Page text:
That said, what are the opinions of our two experts? Frank from an Operations perspective and then Steve from an engineering standpoint?

FM: I’m on the side of shared devices. Technicians are technicians, they want to fix airplanes; they don’t want to have to maintain a computer or a device or a tablet. We have a hard enough time getting a technician to enter data into the enterprise system that they’re currently using so that has to be made as easy as possible. Placing that burden of updates and the control of the device onto a purpose-built solution and platform strikes me as beneficial. At the end of the day, the technician returns the unit to its proper place and goes off until the next day. S/he doesn’t have to worry about accountability for it. Also, I think that having the shared responsibility of maintaining the device, maintains the integrity of the unit itself.

SB: With most of these decisions, each carrier will have different priorities and approaches. There are pros and cons for each model but putting the onus on people to keep the devices updated has risks. In an environment where compliance is so important and with a shortage of skilled technician resources available to undertake the work, mobile devices become mission critical when paper has been removed because there is no fallback other than additional devices. If they don’t get updated, they become vulnerable to, say, some ransomware getting on them if somebody is using the device at home for non-work activities. Also, if the technician forgets to plug the device in to charge and the battery goes dead halfway through their shift, that will cause disruptions to the organization with the aircraft service delayed and it not being returned to the line on time.

There’s certainly some risk associated with the dedicated device but there are also a couple of pros. Personalization can sometimes be an employee benefit letting them gain ‘ownership’ of the device. Plus, there is the potential for off-site training. There are some upsides to a dedicated device and, at Air Canada, we considered both options very closely before, in the end, opting for the managed device model which very quickly proved to be the right decision. We were very comfortable that the devices were tracked, they were always up-to-date, they were always charged and, if there was some sort of an issue with either the charging and/or the content updating or technical issues, we knew about it right away and could dispatch an IT technician to deal with the issue rather than worry about a non-trained individual trying to troubleshoot it out on the frontline. We very quickly came to the conclusion that the benefits of the shared model far outweighed any downsides and was our preferred solution for Air Canada.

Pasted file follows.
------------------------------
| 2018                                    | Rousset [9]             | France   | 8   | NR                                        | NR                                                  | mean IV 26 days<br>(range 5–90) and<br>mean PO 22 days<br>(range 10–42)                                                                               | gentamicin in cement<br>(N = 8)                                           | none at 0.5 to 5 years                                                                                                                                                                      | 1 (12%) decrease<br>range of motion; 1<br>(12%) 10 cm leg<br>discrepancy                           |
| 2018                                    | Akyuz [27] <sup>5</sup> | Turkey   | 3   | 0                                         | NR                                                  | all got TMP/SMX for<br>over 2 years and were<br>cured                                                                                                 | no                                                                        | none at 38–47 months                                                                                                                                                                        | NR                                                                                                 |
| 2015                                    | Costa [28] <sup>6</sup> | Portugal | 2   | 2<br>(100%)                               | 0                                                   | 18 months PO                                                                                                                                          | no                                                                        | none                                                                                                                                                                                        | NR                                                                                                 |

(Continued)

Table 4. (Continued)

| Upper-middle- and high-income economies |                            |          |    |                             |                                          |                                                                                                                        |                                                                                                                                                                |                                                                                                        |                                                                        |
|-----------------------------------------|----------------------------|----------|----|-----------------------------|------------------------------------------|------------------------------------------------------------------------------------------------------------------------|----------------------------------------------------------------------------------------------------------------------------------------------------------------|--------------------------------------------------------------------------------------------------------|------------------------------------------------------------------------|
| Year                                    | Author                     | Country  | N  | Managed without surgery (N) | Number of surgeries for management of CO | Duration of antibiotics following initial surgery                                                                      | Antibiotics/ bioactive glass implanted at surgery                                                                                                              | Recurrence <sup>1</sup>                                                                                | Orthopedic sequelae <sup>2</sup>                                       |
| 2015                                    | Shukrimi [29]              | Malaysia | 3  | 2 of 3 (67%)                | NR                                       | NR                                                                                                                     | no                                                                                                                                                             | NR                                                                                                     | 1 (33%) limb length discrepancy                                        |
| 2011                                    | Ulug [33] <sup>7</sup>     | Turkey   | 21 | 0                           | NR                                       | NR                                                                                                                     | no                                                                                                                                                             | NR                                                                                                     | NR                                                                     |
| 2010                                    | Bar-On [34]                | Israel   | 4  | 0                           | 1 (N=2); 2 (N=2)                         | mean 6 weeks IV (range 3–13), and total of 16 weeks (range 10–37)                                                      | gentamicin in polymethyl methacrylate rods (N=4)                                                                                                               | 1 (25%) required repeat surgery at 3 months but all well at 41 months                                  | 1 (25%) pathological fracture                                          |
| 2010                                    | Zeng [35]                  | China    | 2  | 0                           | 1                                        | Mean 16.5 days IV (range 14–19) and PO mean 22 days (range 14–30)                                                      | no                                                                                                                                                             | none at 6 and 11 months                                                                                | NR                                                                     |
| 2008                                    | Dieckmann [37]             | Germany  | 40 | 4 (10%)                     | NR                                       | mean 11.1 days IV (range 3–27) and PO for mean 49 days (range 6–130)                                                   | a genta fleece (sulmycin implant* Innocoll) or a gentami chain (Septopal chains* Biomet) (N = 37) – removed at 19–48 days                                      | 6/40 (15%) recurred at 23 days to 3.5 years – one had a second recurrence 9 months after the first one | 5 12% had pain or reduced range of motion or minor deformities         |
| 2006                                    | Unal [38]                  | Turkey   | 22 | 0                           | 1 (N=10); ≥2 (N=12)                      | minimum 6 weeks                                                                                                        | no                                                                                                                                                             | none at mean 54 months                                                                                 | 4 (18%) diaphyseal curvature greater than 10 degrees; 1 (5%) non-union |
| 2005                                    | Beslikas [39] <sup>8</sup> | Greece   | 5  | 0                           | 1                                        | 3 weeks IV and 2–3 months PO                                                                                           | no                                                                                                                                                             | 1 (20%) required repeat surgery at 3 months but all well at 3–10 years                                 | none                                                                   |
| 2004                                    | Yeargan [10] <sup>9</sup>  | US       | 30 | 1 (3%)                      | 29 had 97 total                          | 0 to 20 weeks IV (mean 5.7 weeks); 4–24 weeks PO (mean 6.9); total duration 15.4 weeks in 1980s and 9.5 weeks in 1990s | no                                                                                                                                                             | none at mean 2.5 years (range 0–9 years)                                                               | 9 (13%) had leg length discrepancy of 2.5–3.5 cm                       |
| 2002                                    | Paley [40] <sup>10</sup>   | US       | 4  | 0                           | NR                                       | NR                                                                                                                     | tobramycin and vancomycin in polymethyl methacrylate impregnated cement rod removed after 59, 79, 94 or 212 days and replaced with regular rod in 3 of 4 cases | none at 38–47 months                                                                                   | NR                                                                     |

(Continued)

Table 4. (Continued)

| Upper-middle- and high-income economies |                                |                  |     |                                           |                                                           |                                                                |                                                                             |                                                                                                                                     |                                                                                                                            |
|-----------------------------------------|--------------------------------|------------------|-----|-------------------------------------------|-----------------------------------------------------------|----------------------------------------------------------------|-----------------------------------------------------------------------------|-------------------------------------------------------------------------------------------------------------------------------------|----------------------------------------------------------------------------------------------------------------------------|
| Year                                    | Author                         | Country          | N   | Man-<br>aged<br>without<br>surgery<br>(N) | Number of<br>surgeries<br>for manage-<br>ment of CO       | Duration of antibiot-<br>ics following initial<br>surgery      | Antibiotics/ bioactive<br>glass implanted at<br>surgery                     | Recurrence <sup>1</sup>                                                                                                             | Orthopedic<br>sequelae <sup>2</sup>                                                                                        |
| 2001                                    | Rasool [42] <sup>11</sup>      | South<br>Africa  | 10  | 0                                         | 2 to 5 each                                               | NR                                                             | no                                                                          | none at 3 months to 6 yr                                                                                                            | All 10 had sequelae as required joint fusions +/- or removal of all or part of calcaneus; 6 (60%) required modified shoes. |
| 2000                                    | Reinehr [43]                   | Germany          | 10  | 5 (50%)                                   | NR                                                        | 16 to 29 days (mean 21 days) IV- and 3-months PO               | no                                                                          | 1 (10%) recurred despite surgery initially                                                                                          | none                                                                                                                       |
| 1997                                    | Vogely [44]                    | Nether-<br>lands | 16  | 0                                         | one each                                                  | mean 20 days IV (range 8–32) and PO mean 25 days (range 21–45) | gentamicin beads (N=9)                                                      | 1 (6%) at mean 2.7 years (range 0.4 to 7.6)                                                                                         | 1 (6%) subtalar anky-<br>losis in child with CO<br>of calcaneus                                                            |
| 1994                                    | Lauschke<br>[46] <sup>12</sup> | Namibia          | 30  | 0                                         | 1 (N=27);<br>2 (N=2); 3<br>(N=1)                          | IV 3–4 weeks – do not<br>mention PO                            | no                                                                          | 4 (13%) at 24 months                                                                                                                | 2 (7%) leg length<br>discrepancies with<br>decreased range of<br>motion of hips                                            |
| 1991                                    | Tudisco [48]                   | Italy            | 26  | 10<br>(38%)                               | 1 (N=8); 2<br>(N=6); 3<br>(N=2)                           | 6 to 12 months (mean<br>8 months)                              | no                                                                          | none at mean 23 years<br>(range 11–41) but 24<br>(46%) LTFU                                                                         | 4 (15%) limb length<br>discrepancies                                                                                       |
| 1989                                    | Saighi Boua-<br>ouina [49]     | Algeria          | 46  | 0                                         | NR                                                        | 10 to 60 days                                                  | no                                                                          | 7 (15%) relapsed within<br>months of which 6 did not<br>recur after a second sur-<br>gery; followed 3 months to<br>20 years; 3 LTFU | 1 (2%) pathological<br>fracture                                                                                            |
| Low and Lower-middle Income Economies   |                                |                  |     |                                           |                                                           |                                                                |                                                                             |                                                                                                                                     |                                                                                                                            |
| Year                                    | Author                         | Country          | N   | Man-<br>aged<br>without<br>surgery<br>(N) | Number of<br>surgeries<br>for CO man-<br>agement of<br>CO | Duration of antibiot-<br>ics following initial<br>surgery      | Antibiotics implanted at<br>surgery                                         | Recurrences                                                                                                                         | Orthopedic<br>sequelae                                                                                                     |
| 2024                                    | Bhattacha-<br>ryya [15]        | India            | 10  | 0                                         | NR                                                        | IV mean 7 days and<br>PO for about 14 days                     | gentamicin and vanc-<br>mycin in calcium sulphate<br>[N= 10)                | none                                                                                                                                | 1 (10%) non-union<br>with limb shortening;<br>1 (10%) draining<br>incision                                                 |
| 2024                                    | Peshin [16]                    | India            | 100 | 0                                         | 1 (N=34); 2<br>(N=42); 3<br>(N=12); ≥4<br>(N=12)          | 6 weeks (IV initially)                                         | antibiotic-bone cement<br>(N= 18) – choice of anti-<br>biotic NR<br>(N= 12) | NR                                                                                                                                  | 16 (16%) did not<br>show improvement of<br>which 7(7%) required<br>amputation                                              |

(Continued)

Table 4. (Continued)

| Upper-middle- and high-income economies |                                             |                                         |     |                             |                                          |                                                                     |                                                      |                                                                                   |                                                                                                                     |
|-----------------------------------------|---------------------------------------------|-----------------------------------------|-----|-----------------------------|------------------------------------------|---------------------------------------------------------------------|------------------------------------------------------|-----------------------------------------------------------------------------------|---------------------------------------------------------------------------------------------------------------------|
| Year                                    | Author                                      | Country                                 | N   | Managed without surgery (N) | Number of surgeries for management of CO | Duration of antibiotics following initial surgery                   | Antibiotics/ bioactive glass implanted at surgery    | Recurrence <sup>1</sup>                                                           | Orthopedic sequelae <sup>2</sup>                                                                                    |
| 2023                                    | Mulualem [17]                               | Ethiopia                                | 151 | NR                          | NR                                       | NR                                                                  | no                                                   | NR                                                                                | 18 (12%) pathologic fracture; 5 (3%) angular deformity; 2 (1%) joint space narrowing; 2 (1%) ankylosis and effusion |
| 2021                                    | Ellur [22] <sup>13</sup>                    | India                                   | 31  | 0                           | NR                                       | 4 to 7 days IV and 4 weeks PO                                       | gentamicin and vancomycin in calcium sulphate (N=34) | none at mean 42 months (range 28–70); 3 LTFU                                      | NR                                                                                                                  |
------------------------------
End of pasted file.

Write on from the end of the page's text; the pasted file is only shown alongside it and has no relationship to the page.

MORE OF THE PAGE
SM: It looks as if we’re all in agreement that each team member in an organization should focus on what they’re skilled for: mechanics stay at the airplane, logistics manage the device and the IT team deals with device content or anything related to IT around the device. Of course, it’s easy to say and we realize that it could be complex to implement in any tool cribs and that is exactly why the M3 platform was developed, the system essentially automates the processes that the logistic and IT teams will need to do in a shared device environment. In fact, the concept was developed with Air Canada in 2015 (Aircraft IT MRO Issue 54: Winter 2022 ‘Managing and synchronizing devices of all types at Air Canada’) where M3 was first approached and the idea was exactly that: a shared approach is a better approach for them but we needed to eliminate the heavy lifting of the content management and also asset tracking and maintenance. That’s how M3 Platform came about.


Now, I’d like to tell you something about the M3 Platform; what it is, how it works and what it does for a fleet of devices.

The solution can be defined by two main components: the Kiosk hardware and the content management software. The kiosk itself controls access to the devices via a card reader, a badging system, which could be an RFID, an NFC or other type of reader. Importantly, when the device is in the kiosk, it is physically locked so that the technician will need their badge to check it out. In the kiosk, the device charges and will communicate with our back-end software which enables the content management. Generally, the solution supports tablets and laptops both of which are deployed with some customers, including Air Canada, and the operating systems supported can be Windows, iOS and Android plus it’s fully scalable, so can go from an installation with only a few dozen devices to some with thousands of devices. Most of the time, the kiosk is in a self-serve environment; so, check-in and check-out is done by the mechanics, eliminating the logistic part of it. When a mechanic needs a device, they go to the kiosk, get a device and go to work. If it gets broken or runs out of battery, s/he comes back to the kiosk and takes a new one. The logistics are taken care of by the kiosk.